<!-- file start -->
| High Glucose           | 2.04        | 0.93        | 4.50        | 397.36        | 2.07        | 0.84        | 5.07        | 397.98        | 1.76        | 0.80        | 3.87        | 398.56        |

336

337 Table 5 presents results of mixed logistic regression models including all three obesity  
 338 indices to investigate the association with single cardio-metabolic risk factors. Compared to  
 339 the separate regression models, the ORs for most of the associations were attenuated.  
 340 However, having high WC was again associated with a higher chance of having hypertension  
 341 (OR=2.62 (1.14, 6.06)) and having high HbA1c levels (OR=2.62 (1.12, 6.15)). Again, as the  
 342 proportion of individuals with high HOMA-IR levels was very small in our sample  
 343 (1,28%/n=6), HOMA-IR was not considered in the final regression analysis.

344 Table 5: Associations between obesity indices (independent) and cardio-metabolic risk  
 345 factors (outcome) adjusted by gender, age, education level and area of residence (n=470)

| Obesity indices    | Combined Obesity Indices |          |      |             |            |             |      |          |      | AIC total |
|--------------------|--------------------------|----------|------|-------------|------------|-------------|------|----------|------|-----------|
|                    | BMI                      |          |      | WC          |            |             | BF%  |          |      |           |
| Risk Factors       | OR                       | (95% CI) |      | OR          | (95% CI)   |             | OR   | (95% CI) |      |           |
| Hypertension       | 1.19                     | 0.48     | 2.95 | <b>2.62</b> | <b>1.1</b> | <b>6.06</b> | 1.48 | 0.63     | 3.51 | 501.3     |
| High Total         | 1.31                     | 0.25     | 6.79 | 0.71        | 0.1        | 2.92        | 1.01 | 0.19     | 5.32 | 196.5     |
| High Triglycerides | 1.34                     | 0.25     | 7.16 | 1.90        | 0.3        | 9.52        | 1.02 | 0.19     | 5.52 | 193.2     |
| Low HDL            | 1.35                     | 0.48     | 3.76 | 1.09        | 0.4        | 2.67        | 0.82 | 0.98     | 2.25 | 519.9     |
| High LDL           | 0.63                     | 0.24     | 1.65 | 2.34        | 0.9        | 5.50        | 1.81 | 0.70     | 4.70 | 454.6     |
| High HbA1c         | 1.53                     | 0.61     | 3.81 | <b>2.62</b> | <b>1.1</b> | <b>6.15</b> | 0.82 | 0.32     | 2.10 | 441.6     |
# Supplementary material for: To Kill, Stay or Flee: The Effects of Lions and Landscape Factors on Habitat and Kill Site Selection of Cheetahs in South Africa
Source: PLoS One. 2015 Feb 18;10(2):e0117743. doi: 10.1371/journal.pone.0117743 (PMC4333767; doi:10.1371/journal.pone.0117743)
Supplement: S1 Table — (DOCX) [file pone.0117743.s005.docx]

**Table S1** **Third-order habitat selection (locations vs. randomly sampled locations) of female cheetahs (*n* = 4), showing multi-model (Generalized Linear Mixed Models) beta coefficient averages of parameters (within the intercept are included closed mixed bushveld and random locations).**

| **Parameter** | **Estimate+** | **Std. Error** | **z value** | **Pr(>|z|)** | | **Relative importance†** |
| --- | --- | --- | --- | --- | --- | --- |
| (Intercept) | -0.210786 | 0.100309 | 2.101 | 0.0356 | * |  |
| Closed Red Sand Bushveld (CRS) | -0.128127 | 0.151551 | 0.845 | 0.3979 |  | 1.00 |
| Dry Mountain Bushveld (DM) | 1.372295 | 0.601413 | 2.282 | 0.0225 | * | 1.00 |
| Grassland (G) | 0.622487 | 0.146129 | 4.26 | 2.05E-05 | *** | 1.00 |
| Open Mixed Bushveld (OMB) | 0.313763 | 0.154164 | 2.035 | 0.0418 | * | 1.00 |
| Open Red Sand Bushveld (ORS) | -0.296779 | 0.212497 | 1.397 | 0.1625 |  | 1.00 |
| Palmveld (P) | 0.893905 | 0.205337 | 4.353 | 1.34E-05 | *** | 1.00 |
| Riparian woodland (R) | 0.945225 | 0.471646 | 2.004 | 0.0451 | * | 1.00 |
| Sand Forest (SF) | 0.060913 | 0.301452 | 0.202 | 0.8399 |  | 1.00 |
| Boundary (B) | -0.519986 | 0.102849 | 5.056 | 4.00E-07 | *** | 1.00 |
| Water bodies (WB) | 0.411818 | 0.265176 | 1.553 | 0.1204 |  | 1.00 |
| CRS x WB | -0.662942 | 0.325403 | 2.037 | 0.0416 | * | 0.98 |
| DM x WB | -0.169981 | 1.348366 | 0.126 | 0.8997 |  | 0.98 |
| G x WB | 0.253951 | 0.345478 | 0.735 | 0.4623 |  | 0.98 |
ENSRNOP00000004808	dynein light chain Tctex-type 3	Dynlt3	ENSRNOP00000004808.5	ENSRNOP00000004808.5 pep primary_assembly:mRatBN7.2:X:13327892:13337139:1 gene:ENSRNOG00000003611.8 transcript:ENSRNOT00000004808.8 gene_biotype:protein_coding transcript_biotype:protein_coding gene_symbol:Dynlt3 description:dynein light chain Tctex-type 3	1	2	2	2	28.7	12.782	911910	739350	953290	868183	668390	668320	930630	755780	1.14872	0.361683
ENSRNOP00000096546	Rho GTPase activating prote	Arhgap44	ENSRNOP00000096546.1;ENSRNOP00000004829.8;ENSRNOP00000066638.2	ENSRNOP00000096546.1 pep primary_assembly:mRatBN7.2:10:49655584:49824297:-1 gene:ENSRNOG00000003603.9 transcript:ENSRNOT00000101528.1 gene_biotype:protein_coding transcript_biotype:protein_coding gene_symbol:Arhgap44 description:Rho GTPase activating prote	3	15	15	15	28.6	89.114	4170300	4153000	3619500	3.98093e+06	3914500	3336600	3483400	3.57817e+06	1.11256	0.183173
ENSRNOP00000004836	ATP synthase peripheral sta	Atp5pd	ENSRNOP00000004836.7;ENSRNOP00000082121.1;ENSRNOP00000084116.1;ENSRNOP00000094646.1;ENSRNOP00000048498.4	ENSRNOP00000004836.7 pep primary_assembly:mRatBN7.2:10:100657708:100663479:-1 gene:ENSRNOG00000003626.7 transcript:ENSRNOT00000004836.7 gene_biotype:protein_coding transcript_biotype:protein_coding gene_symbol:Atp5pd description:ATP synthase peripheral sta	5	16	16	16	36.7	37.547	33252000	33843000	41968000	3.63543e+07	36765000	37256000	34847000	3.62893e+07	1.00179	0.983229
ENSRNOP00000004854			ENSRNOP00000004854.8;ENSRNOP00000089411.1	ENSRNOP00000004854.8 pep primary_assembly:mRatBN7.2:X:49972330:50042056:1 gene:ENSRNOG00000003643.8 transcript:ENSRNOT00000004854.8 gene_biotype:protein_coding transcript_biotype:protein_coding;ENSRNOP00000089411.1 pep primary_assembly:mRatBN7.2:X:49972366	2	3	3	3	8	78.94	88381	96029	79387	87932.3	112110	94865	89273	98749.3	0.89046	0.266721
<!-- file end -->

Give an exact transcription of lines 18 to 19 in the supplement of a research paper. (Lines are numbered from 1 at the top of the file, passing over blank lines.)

| High Triglycerides | 1.34                     | 0.25     | 7.16 | 1.90        | 0.3        | 9.52        | 1.02 | 0.19     | 5.52 | 193.2     |
| Low HDL            | 1.35                     | 0.48     | 3.76 | 1.09        | 0.4        | 2.67        | 0.82 | 0.98     | 2.25 | 519.9     |